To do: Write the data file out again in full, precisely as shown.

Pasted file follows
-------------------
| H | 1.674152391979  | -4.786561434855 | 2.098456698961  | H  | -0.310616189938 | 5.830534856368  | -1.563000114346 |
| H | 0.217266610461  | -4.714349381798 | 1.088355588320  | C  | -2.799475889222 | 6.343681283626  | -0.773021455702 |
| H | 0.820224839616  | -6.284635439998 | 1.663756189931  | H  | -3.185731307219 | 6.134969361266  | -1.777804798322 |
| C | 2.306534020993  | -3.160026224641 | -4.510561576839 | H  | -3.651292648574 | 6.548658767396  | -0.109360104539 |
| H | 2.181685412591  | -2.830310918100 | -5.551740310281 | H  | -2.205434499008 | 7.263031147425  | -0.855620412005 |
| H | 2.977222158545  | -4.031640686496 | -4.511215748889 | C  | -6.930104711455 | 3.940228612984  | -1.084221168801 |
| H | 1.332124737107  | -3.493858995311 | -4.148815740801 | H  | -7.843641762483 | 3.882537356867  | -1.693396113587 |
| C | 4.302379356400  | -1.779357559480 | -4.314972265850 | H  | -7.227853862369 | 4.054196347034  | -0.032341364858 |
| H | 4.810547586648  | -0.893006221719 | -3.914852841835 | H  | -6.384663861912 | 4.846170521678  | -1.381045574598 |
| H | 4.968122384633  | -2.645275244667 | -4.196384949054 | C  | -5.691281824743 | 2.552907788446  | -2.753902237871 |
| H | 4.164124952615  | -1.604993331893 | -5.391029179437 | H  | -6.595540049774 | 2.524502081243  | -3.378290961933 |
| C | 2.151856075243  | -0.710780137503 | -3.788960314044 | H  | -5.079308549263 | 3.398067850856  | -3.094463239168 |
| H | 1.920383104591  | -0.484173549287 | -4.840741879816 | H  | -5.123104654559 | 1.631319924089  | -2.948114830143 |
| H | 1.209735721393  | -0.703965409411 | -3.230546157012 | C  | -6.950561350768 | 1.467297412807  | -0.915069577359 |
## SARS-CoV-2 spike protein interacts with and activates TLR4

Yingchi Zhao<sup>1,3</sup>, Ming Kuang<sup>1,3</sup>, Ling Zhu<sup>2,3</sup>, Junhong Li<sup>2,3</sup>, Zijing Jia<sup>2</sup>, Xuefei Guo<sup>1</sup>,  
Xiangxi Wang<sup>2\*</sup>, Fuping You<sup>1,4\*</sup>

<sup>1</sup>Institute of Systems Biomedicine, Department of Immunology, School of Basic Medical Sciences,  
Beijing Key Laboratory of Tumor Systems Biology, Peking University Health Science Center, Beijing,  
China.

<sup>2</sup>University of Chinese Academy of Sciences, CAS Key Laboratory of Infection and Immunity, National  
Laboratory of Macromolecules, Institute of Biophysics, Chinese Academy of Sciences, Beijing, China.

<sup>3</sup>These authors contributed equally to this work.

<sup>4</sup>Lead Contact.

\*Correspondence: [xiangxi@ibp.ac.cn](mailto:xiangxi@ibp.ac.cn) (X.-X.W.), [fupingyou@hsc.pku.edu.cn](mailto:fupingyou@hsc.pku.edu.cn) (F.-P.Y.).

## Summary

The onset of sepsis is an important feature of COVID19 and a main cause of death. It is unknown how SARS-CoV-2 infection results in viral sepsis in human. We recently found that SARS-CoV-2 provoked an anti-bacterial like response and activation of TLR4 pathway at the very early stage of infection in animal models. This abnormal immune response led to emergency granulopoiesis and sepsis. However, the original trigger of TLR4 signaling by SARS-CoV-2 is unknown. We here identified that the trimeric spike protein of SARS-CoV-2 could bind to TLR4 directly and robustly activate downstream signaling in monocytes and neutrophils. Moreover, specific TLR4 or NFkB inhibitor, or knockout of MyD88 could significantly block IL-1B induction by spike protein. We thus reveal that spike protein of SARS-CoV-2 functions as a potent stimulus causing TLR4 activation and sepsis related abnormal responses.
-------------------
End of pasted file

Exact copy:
| H | 1.674152391979  | -4.786561434855 | 2.098456698961  | H  | -0.310616189938 | 5.830534856368  | -1.563000114346 |
| H | 0.217266610461  | -4.714349381798 | 1.088355588320  | C  | -2.799475889222 | 6.343681283626  | -0.773021455702 |
| H | 0.820224839616  | -6.284635439998 | 1.663756189931  | H  | -3.185731307219 | 6.134969361266  | -1.777804798322 |
| C | 2.306534020993  | -3.160026224641 | -4.510561576839 | H  | -3.651292648574 | 6.548658767396  | -0.109360104539 |
| H | 2.181685412591  | -2.830310918100 | -5.551740310281 | H  | -2.205434499008 | 7.263031147425  | -0.855620412005 |
| H | 2.977222158545  | -4.031640686496 | -4.511215748889 | C  | -6.930104711455 | 3.940228612984  | -1.084221168801 |
| H | 1.332124737107  | -3.493858995311 | -4.148815740801 | H  | -7.843641762483 | 3.882537356867  | -1.693396113587 |
| C | 4.302379356400  | -1.779357559480 | -4.314972265850 | H  | -7.227853862369 | 4.054196347034  | -0.032341364858 |
| H | 4.810547586648  | -0.893006221719 | -3.914852841835 | H  | -6.384663861912 | 4.846170521678  | -1.381045574598 |
| H | 4.968122384633  | -2.645275244667 | -4.196384949054 | C  | -5.691281824743 | 2.552907788446  | -2.753902237871 |
| H | 4.164124952615  | -1.604993331893 | -5.391029179437 | H  | -6.595540049774 | 2.524502081243  | -3.378290961933 |
| C | 2.151856075243  | -0.710780137503 | -3.788960314044 | H  | -5.079308549263 | 3.398067850856  | -3.094463239168 |
| H | 1.920383104591  | -0.484173549287 | -4.840741879816 | H  | -5.123104654559 | 1.631319924089  | -2.948114830143 |
| H | 1.209735721393  | -0.703965409411 | -3.230546157012 | C  | -6.950561350768 | 1.467297412807  | -0.915069577359 |
## SARS-CoV-2 spike protein interacts with and activates TLR4

Yingchi Zhao<sup>1,3</sup>, Ming Kuang<sup>1,3</sup>, Ling Zhu<sup>2,3</sup>, Junhong Li<sup>2,3</sup>, Zijing Jia<sup>2</sup>, Xuefei Guo<sup>1</sup>,  
Xiangxi Wang<sup>2\*</sup>, Fuping You<sup>1,4\*</sup>

<sup>1</sup>Institute of Systems Biomedicine, Department of Immunology, School of Basic Medical Sciences,  
Beijing Key Laboratory of Tumor Systems Biology, Peking University Health Science Center, Beijing,  
China.

<sup>2</sup>University of Chinese Academy of Sciences, CAS Key Laboratory of Infection and Immunity, National  
Laboratory of Macromolecules, Institute of Biophysics, Chinese Academy of Sciences, Beijing, China.

<sup>3</sup>These authors contributed equally to this work.

<sup>4</sup>Lead Contact.

\*Correspondence: [xiangxi@ibp.ac.cn](mailto:xiangxi@ibp.ac.cn) (X.-X.W.), [fupingyou@hsc.pku.edu.cn](mailto:fupingyou@hsc.pku.edu.cn) (F.-P.Y.).

## Summary

The onset of sepsis is an important feature of COVID19 and a main cause of death. It is unknown how SARS-CoV-2 infection results in viral sepsis in human. We recently found that SARS-CoV-2 provoked an anti-bacterial like response and activation of TLR4 pathway at the very early stage of infection in animal models. This abnormal immune response led to emergency granulopoiesis and sepsis. However, the original trigger of TLR4 signaling by SARS-CoV-2 is unknown. We here identified that the trimeric spike protein of SARS-CoV-2 could bind to TLR4 directly and robustly activate downstream signaling in monocytes and neutrophils. Moreover, specific TLR4 or NFkB inhibitor, or knockout of MyD88 could significantly block IL-1B induction by spike protein. We thus reveal that spike protein of SARS-CoV-2 functions as a potent stimulus causing TLR4 activation and sepsis related abnormal responses.